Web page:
“I am no Death Eater,” Narcissa says, her voice trembling slightly.

Sirius gives her a long, cool look. “No, I don’t suppose you are. You’re too intelligent for that. But your husband is a marked Death Eater, and he was responsible for giving a piece of Voldemort’s soul to a small child.” When she opens her mouth to object, Sirius says sharply, “Don’t bother to deny it. I know the truth.”

Narcissa tilts her chin. “Yes, I can see that you do.”

“So, I think we are at an impasse,” Sirius says. “Your husband has access to the Black vaults through you.”

“What about Draco?” Narcissa asks, and Sirius can hear a thread of desperation in her tone.

Sirius takes a deep breath. “I assume that your son is going to follow in his father’s footsteps, if given the opportunity. Are you suggesting otherwise?”

“I’m asking that you close off the vaults to anyone with the Dark Mark,” Narcissa replies. “I’ll take an oath on my magic that the money won’t go to or for anyone but myself and Draco.”

“If he takes the Mark, I’ll disown him on the spot,” Sirius warns.

Narcissa swallows audibly. “I have had a letter from Azkaban. Bella isn’t doing well.”

Sirius swallows back his immediate answer, and instead says, “I’m sorry to hear that, for your sake if nothing else.”

Narcissa closes her eyes. “Do you not have any fondness for her, Siri?”

“I will always remember the child she was,” Sirius replies. “But what she’s done to people I care about cannot be forgiven.”

Narcissa nods tightly. “I see.”

“I don’t want to disown you, Cissy,” Sirius admits. “And Draco is part of my family. But I cannot take the chance that Black funds will be used in service to Voldemort and against Harry. You and I both know that Voldemort is making plans to return, and I will do everything in my power to prevent it.”

“What do you want me to do?” Narcissa asks.

“Swear to me that Draco won’t take the Dark Mark, and any Black funds remain with you, for your support and Draco’s,” Sirius replies. “If you do that, and Draco remains unmarked, I won’t disown you.”

He knows Narcissa, and he knows how much she cares for her only son. Even when they were children, she’d professed her desire to be a wife and mother, but the two roles have her conflicted. She cannot remain loyal to her husband and also protect her son’s future, and Sirius knows exactly how much those Black vaults are worth.

“I will make an Unbreakable Vow,” Narcissa declares.

“I’ll get Remus to witness it,” Sirius replies.

Narcissa sniffs.

“That’s about enough,” Sirius snarls. “Moony has offered invaluable assistance in helping me clear my name and take my rightful place. He was a child when he was bitten by Greyback, a follower of Voldemort’s. His life was destroyed by that monster, so don’t you look down your nose at him.”

“My life was hardly destroyed, Padfoot,” Remus comments, re-entering the study. “I’m actually quite happy at the moment.”

Sirius feels his shoulders relax minutely. “Would you be willing to witness an Unbreakable Vow?”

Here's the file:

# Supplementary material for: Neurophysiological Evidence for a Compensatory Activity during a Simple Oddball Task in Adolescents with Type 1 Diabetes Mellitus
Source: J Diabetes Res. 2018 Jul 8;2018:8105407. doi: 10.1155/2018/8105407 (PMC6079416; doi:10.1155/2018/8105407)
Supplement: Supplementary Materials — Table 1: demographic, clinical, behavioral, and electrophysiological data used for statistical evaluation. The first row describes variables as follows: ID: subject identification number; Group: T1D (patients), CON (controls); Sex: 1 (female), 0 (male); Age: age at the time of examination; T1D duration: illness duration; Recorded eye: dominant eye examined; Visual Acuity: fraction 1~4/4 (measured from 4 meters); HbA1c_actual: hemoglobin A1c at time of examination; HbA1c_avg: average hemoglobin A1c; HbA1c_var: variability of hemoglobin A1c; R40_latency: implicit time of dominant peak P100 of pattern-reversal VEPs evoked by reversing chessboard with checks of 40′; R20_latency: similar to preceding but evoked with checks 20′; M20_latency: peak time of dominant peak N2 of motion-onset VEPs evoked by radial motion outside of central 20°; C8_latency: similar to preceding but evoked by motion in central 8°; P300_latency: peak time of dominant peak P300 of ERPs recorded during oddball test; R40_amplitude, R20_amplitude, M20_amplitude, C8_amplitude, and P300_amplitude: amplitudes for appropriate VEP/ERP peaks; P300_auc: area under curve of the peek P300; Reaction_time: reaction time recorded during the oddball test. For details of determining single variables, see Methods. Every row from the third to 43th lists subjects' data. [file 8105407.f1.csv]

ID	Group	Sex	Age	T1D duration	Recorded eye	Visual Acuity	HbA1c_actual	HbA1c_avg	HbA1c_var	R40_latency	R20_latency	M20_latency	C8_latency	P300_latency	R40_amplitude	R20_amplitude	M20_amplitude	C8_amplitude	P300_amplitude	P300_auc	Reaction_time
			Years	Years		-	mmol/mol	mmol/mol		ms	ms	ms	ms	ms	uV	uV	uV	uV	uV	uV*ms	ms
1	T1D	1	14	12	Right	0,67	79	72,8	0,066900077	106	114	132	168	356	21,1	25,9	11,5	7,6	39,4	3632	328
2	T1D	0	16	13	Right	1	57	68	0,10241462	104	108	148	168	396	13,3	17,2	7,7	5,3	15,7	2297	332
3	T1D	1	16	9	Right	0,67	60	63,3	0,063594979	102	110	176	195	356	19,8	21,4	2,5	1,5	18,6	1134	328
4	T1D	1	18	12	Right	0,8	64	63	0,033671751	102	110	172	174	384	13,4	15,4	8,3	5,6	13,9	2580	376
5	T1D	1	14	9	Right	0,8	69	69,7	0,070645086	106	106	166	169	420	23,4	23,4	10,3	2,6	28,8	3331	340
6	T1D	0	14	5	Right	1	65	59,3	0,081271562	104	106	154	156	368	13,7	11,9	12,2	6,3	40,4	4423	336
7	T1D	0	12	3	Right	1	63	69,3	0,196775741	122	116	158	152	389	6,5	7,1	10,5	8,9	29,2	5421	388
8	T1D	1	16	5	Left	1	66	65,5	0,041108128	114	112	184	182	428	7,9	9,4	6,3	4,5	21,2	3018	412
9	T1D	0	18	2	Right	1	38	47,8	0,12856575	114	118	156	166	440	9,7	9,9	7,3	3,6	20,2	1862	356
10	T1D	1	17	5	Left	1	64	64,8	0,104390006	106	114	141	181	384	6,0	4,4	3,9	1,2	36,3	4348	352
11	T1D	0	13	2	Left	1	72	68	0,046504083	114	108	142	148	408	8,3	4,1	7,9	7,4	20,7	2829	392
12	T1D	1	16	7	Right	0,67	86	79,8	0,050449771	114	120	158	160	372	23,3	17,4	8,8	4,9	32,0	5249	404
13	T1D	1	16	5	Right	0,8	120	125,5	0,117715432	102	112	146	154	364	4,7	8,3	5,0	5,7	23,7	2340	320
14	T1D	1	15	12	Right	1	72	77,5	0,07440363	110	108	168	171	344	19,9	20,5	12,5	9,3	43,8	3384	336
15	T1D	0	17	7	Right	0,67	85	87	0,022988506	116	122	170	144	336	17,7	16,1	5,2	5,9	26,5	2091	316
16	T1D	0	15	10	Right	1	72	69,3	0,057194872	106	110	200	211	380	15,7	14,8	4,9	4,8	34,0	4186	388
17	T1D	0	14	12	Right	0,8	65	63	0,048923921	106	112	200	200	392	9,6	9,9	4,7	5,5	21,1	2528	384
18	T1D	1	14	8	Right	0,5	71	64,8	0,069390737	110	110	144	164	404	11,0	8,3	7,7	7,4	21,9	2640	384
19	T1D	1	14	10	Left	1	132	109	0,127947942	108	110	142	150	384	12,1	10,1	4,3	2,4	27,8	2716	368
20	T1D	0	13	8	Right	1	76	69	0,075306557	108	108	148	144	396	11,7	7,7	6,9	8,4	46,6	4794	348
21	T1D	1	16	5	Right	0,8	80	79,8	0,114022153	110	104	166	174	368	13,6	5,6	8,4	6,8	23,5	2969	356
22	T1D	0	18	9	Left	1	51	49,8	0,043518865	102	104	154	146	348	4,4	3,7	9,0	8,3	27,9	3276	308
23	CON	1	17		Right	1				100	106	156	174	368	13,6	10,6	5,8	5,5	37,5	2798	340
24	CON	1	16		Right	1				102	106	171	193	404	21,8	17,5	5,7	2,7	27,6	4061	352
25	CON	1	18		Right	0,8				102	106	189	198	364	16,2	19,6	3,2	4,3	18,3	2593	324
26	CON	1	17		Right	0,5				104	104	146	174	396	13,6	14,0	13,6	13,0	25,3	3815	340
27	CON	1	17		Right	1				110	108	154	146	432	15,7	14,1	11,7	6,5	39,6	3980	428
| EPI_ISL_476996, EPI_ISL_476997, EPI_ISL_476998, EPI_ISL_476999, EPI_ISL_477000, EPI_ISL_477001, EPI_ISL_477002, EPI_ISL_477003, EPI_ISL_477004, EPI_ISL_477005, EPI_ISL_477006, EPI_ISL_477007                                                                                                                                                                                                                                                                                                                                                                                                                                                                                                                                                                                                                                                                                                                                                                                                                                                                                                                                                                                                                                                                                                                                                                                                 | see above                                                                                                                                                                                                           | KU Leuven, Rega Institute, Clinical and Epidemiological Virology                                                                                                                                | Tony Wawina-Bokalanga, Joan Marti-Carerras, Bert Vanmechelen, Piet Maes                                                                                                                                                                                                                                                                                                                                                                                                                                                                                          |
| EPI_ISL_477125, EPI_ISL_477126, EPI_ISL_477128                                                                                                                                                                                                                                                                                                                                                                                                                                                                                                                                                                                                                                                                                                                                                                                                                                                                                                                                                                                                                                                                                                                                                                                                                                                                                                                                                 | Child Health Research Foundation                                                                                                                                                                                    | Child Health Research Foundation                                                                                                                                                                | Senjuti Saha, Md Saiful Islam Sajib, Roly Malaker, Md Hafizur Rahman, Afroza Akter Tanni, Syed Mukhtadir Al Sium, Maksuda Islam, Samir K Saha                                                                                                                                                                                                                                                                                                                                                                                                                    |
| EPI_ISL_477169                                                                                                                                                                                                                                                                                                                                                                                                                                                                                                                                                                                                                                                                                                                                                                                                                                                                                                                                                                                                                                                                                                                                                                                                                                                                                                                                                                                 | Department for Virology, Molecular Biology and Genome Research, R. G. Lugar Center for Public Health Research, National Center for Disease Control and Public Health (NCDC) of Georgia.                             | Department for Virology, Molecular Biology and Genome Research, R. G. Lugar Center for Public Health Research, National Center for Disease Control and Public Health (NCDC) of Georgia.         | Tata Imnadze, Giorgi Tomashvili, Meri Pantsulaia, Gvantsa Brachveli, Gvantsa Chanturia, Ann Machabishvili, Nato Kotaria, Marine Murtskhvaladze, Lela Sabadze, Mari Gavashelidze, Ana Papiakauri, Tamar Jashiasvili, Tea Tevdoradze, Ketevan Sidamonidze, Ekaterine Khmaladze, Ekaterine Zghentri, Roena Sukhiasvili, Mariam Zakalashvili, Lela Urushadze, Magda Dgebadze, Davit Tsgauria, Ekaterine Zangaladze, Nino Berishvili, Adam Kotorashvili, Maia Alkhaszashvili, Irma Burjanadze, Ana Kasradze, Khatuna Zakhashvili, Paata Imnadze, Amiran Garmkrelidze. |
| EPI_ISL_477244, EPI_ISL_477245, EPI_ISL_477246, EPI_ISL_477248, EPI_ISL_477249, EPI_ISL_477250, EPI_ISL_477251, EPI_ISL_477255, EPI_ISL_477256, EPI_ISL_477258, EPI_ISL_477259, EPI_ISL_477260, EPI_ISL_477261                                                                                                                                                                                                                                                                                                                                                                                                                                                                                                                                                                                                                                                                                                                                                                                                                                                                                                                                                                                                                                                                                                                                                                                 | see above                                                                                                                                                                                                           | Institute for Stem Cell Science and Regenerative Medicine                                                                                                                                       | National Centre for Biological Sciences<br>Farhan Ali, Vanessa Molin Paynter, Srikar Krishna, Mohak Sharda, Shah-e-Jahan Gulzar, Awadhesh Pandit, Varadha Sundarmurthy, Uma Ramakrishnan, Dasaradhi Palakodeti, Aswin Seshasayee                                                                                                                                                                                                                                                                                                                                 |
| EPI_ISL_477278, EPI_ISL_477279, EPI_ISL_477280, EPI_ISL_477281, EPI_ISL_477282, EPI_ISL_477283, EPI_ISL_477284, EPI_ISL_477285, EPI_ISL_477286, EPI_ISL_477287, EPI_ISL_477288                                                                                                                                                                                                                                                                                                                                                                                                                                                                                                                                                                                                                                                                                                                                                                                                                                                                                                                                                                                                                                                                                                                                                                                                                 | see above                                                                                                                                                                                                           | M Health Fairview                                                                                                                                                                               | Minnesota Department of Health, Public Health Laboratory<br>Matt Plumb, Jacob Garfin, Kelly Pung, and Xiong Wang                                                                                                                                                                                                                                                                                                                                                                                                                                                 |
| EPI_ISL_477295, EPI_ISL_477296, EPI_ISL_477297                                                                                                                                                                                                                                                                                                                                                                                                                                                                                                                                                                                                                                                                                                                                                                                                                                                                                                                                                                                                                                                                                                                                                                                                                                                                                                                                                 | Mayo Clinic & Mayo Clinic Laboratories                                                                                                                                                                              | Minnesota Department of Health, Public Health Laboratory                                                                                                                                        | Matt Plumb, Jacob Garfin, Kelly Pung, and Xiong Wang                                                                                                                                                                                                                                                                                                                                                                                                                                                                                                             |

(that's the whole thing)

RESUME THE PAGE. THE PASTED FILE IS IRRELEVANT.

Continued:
“That’s why I’m here,” Remus replies. “Kreacher said I might be needed.”

“I should have expected that he’d be lurking around,” Sirius mutters. He clears his throat. “I won’t ask you to make any promises regarding Draco’s behavior towards Harry, but you may want to warn him off.”

Narcissa nods. “I will have a word with him.”

“That’s all I ask,” Sirius replies. “You may also mention that if he takes the mark, I’ll disown him on the spot.”

Sirius is hoping that it won’t come to that, and Voldemort will be destroyed by the time the next school year rolls around, but he’s not going to say anything about that to Narcissa.

Narcissa clasps Sirius’ hand, and Remus pull out his wand. “Speak the words of the vow.”

“I swear that I will use the Black funds only for my support and my son’s, and that I will do everything in my power to prevent him from taking the Dark Mark,” Narcissa vows.

“And I promise that I will not disown Narcissa or Draco Malfoy unless or until they become marked Death Eaters, and as long as the Black funds are not used to support Voldemort,” Sirius says, and Remus seals the vow.

Narcissa takes a deep breath. “I would appreciate it if you put the appropriate protections on the vaults and the money within them. My ability to redirect those funds once Lucius has made up his mind is somewhat limited.”

Sirius hears the unspoken warning in her voice. “I will. Do you want me to speak with Draco?”

Narcissa shakes her head. “No, he idolizes his father, and always has. He won’t listen to you.”

“Will he listen to you?” Sirius asks.

“I don’t know,” Narcissa admits. “But I know that the road he’s going down will only lead to the destruction of our family. I refuse to let that happen.”

“I don’t want that to happen either, Cissy,” Sirius says, allowing some warmth to fill his tone. “I’ve written to Andy, too. I’m hoping she’ll agree to be part of the family again.”

He’s not sure what her reaction will be, but Narcissa smiles slightly. “Andy always did know her own mind. I’ve heard her daughter is very much like her, and a metamorphagus.”

“Is that right?” Sirius asks, and waves Remus into the seat next to him. The next hour is spent in pleasant conversation about various family members and gossip about the magical world, and then Sirius escorts her to the front door.